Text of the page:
The deacon's pity veiled itself in poetic humour. "Not Angles but Angels," he said, "with faces so angel-like! From what country come they?" "They come," said the merchants, "from Deira." "De ira! "was the untranslateable reply; "aye, plucked from God's ire, and called to Christ's mercy! And what is the name of their king?" "aeWa.," they told him; and Gregory seized on the words as of good omen. "Alleluia shall be sung in aella's land!" he cried, and passed on, musing how the angel-faces should be brought to sing it. Only three or four years had gone by, when the deacon had become Bishop of Rome, and Bertha's marriage gave him the opening he sought. After cautious negotiations with the rulers of Gaul, he sent a Roman abbot, Augustine, at the head of a band of monks, to preach the gospel to the English people. The missionaries landed in 597 on the very spot where Hengest had landed more than a century before in the Isle of Thanet; and the king received them sitting in the open air on the chalk-down above Minster, where the eye nowadays catches miles away over the marshes the dim tower of Canterbury. He listened to the long sermon as the interpreters whom Augustine had brought with him from Gaul translated it. "Your words are fair," aethelberht replied at last with English good sense, "but they are new and of doubtful meaning;" for himself, he said, he refused to forsake the gods of his fathers, but he promised shelter and protection to the strangers.
The band of monks entered Canterbury bearing before them a silver cross with a picture of Christ, and singing in concert the strains of the litany of their church. "Turn from this city, Lord," they sang, "Thine anger and wrath, and turn it from Thy holy house, for we have sinned." And then in strange contrast came the jubilant cry of the older Hebrew worship, the cry which Gregory had wrested in prophetic earnestness from the name of the Yorkshire king in the Roman market-place, "Alleluia!"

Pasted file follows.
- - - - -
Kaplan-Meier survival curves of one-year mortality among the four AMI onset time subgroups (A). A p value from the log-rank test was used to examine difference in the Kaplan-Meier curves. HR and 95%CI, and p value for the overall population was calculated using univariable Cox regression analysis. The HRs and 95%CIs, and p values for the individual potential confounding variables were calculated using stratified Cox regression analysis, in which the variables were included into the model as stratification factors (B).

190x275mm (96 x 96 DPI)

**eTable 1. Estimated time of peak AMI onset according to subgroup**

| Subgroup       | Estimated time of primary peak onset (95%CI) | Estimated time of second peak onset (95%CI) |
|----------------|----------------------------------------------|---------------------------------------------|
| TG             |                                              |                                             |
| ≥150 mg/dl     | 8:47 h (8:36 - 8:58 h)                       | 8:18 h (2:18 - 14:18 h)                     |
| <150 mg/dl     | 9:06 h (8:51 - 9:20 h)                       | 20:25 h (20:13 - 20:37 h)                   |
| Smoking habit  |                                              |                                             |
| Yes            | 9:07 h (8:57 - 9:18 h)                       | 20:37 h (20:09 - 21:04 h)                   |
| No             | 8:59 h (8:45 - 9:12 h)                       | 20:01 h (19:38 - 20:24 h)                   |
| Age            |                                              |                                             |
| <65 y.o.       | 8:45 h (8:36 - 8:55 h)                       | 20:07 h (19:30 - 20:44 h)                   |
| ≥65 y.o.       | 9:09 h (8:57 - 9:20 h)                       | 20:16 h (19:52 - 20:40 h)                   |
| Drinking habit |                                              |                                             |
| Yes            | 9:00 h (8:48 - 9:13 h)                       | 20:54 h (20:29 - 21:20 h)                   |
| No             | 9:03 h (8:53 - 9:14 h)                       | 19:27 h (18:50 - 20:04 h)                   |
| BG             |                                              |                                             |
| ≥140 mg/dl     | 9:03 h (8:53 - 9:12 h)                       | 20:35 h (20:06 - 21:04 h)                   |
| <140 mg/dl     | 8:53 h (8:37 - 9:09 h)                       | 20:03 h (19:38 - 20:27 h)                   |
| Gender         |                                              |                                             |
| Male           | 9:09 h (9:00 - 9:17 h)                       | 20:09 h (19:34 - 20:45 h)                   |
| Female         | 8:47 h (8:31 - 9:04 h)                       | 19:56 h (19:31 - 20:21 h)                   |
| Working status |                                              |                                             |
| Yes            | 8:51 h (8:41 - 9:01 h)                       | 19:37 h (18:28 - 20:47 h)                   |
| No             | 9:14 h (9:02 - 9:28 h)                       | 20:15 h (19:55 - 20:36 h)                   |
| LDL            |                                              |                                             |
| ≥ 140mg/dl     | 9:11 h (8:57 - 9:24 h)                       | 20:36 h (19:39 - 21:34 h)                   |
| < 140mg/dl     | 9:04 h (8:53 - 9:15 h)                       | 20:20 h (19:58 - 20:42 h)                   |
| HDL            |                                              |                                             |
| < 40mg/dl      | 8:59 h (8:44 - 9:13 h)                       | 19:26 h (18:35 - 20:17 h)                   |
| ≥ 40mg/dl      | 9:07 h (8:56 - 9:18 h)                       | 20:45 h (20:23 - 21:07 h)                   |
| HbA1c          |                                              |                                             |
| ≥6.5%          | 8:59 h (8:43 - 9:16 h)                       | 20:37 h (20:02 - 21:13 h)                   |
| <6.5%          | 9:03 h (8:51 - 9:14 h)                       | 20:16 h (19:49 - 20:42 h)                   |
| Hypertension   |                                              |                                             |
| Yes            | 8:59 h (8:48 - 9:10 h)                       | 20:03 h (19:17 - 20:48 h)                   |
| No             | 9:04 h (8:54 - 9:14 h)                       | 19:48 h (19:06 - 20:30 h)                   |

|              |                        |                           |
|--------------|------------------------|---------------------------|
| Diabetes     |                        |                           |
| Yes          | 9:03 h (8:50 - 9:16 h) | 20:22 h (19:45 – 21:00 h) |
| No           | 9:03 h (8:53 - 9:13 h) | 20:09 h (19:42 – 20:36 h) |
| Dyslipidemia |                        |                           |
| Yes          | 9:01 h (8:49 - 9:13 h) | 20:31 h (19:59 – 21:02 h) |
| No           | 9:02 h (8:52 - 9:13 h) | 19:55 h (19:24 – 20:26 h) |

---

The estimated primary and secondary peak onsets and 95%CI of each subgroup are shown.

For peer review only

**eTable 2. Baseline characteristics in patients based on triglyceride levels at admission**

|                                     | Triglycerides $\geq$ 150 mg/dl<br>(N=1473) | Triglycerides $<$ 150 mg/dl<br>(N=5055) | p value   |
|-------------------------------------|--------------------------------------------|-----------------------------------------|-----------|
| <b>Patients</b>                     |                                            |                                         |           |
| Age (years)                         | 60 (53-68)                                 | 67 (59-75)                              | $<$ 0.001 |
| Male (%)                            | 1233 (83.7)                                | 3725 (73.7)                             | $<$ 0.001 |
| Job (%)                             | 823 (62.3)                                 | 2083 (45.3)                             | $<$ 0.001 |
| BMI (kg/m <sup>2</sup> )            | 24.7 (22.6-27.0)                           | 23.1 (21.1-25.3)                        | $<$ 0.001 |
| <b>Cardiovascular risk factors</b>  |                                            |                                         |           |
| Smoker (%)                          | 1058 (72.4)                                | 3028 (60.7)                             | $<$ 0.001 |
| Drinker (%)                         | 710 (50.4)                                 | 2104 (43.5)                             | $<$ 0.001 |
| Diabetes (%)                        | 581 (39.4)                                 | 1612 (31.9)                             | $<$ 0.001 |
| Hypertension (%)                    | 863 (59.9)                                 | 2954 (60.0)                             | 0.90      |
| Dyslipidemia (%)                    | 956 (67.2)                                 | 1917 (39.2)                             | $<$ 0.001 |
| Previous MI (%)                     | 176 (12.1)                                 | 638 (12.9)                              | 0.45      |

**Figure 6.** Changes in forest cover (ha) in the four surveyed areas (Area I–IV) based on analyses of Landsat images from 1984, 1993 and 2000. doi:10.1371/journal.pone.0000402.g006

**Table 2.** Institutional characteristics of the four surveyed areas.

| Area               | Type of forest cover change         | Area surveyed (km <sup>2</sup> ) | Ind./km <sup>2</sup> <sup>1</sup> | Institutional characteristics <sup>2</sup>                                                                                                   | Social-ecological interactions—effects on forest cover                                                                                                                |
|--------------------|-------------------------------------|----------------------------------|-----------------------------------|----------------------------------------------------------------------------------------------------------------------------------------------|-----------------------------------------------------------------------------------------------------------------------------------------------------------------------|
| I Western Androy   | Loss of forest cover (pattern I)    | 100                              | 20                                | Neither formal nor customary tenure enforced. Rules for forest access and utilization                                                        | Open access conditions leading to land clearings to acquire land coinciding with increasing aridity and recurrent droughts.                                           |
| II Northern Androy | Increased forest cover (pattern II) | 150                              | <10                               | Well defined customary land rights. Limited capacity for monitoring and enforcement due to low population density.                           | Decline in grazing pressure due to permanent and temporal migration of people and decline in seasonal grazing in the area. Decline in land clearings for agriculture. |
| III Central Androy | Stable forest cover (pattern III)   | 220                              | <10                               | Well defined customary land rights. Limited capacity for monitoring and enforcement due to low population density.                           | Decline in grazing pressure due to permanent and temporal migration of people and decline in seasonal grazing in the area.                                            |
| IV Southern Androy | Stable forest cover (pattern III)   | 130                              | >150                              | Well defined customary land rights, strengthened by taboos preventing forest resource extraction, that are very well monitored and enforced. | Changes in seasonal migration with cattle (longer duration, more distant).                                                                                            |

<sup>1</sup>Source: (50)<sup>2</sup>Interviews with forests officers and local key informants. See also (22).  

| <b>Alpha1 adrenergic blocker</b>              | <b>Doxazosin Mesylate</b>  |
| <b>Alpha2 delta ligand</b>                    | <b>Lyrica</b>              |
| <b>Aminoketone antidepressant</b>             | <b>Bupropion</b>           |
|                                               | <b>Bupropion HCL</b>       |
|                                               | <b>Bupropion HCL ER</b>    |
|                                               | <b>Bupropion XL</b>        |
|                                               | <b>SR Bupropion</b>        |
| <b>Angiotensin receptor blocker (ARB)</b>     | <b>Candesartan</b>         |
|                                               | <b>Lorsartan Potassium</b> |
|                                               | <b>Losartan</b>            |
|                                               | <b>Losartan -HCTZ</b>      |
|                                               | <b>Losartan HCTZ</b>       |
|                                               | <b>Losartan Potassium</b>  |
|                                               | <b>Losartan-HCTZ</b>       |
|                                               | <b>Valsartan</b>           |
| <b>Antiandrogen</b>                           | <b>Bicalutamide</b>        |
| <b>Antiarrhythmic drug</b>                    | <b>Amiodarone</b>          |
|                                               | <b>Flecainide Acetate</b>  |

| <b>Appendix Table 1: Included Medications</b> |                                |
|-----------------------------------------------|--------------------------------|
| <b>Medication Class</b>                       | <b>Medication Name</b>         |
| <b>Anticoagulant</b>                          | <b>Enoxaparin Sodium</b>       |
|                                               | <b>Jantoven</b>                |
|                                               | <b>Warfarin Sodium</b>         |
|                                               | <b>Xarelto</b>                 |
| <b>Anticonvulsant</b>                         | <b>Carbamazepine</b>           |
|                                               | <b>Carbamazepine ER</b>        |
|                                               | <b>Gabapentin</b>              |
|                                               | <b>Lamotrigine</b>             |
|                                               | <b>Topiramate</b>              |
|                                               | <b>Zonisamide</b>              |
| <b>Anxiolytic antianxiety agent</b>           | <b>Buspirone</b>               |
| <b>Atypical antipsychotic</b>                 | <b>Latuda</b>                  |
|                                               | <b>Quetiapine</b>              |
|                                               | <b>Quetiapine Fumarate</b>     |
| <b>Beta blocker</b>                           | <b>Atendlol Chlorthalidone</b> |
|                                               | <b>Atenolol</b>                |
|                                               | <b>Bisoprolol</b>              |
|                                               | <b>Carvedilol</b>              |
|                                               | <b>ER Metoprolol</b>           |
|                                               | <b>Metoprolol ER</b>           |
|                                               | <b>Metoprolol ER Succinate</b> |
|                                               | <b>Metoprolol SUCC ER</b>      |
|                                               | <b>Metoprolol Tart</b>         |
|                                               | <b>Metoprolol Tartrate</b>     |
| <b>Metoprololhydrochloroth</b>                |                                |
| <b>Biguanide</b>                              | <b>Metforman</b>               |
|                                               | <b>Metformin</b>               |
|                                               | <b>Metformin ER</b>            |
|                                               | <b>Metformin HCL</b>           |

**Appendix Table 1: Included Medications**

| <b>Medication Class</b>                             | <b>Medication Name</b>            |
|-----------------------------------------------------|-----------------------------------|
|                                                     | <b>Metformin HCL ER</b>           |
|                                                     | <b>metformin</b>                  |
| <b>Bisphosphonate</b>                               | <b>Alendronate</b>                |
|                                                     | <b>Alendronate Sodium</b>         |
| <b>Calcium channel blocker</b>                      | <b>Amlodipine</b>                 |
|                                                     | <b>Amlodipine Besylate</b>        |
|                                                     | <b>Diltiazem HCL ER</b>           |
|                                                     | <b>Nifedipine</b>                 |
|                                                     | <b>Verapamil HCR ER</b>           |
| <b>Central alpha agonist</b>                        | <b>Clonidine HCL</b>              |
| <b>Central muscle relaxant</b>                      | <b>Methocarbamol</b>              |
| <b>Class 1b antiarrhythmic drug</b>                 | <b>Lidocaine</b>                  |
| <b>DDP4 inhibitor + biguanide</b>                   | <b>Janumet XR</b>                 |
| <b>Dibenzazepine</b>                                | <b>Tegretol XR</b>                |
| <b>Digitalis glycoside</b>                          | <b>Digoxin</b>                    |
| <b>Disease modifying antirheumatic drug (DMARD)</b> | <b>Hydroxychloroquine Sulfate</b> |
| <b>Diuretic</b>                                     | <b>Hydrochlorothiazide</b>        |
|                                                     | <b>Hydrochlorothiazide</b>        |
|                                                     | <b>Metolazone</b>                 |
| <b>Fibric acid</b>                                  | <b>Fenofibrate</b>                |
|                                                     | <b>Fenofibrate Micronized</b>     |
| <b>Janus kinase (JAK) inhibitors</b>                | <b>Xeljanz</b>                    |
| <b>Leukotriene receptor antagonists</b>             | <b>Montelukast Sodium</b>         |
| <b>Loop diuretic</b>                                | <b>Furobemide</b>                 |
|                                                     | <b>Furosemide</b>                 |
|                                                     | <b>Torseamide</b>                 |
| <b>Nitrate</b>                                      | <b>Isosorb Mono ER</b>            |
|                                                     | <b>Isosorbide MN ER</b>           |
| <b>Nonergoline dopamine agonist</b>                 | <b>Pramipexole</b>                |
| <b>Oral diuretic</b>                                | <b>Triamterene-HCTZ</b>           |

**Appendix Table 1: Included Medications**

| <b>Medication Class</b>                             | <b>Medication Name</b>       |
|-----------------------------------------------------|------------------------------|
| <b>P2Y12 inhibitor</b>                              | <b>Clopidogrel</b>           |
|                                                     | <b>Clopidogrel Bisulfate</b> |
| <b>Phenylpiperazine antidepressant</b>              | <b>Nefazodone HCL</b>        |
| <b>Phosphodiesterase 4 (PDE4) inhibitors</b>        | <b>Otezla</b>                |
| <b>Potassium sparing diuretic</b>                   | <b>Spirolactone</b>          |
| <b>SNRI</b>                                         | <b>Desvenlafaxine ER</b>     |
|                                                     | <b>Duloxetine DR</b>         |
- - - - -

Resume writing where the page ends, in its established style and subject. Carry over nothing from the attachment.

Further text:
It is strange that the spot which witnessed the landing of Hengest should be yet better known as the landing-place of Augustine. But the second landing at Ebbsfleet was in no small measure the reversal and undoing of the first. "Strangers from Rome" was the title with which the missionaries first fronted the English king. The march of the monks as they chanted their solemn litany was, in one sense, the return of the Roman legions who had retired at the trumpet-call of Alaric. It was to the tongue and the thought not of Gregory only but of such men as his own Jutish fathers had slaughtered and driven over sea that aethelberht listened in the preaching of Augustine. Canterbury, the earliest royal city of the new England, became the centre of Latin influence. The Roman tongue became again one of the tongues of Britain, the language of its worship, its correspondence, its literature. But more than the tongue of Rome returned with Augustine. Practically his landing renewed the union with the western world which the landing of Hengest had all but destroyed. The new England was admitted into the older commonwealth of nations. The civilization, arts, letters, which had fled before the sword of the English conquest, returned with the Christian faith.